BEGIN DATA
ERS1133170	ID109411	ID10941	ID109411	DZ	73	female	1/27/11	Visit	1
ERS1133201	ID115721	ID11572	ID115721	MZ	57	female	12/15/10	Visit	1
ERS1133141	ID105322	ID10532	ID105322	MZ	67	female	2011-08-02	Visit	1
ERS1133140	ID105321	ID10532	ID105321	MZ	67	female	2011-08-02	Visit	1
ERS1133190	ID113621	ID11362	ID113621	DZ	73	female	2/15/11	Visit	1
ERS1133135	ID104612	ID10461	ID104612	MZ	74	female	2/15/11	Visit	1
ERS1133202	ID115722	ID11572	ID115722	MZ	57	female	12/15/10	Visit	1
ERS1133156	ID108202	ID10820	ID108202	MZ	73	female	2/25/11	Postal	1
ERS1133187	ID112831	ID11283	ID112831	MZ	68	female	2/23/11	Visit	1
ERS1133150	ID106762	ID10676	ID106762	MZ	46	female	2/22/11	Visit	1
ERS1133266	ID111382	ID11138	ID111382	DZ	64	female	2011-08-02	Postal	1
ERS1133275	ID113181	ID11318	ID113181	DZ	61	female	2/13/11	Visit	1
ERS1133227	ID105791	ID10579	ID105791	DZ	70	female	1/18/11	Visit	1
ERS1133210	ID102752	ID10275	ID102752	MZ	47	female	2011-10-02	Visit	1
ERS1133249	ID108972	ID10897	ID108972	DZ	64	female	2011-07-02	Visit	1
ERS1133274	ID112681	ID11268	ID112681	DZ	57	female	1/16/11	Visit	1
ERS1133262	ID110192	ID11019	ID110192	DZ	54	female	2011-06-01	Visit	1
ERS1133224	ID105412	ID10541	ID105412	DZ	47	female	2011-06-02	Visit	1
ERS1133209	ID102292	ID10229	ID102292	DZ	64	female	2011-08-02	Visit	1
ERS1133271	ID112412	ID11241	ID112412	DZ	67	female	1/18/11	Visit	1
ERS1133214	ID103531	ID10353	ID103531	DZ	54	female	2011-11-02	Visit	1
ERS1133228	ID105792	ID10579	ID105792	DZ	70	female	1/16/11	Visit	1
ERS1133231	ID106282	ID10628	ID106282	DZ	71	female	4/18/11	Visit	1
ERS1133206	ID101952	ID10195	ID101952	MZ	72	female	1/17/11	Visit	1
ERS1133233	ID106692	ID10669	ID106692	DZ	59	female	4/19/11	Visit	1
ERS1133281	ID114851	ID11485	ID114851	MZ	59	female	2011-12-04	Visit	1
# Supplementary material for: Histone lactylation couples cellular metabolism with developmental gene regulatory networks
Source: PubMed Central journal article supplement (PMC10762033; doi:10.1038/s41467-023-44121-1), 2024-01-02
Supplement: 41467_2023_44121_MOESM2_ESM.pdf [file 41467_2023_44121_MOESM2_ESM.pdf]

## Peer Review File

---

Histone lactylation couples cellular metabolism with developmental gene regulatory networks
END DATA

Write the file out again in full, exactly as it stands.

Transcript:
ERS1133170	ID109411	ID10941	ID109411	DZ	73	female	1/27/11	Visit	1
ERS1133201	ID115721	ID11572	ID115721	MZ	57	female	12/15/10	Visit	1
ERS1133141	ID105322	ID10532	ID105322	MZ	67	female	2011-08-02	Visit	1
ERS1133140	ID105321	ID10532	ID105321	MZ	67	female	2011-08-02	Visit	1
ERS1133190	ID113621	ID11362	ID113621	DZ	73	female	2/15/11	Visit	1
ERS1133135	ID104612	ID10461	ID104612	MZ	74	female	2/15/11	Visit	1
ERS1133202	ID115722	ID11572	ID115722	MZ	57	female	12/15/10	Visit	1
ERS1133156	ID108202	ID10820	ID108202	MZ	73	female	2/25/11	Postal	1
ERS1133187	ID112831	ID11283	ID112831	MZ	68	female	2/23/11	Visit	1
ERS1133150	ID106762	ID10676	ID106762	MZ	46	female	2/22/11	Visit	1
ERS1133266	ID111382	ID11138	ID111382	DZ	64	female	2011-08-02	Postal	1
ERS1133275	ID113181	ID11318	ID113181	DZ	61	female	2/13/11	Visit	1
ERS1133227	ID105791	ID10579	ID105791	DZ	70	female	1/18/11	Visit	1
ERS1133210	ID102752	ID10275	ID102752	MZ	47	female	2011-10-02	Visit	1
ERS1133249	ID108972	ID10897	ID108972	DZ	64	female	2011-07-02	Visit	1
ERS1133274	ID112681	ID11268	ID112681	DZ	57	female	1/16/11	Visit	1
ERS1133262	ID110192	ID11019	ID110192	DZ	54	female	2011-06-01	Visit	1
ERS1133224	ID105412	ID10541	ID105412	DZ	47	female	2011-06-02	Visit	1
ERS1133209	ID102292	ID10229	ID102292	DZ	64	female	2011-08-02	Visit	1
ERS1133271	ID112412	ID11241	ID112412	DZ	67	female	1/18/11	Visit	1
ERS1133214	ID103531	ID10353	ID103531	DZ	54	female	2011-11-02	Visit	1
ERS1133228	ID105792	ID10579	ID105792	DZ	70	female	1/16/11	Visit	1
ERS1133231	ID106282	ID10628	ID106282	DZ	71	female	4/18/11	Visit	1
ERS1133206	ID101952	ID10195	ID101952	MZ	72	female	1/17/11	Visit	1
ERS1133233	ID106692	ID10669	ID106692	DZ	59	female	4/19/11	Visit	1
ERS1133281	ID114851	ID11485	ID114851	MZ	59	female	2011-12-04	Visit	1
# Supplementary material for: Histone lactylation couples cellular metabolism with developmental gene regulatory networks
Source: PubMed Central journal article supplement (PMC10762033; doi:10.1038/s41467-023-44121-1), 2024-01-02
Supplement: 41467_2023_44121_MOESM2_ESM.pdf [file 41467_2023_44121_MOESM2_ESM.pdf]

## Peer Review File

---

Histone lactylation couples cellular metabolism with developmental gene regulatory networks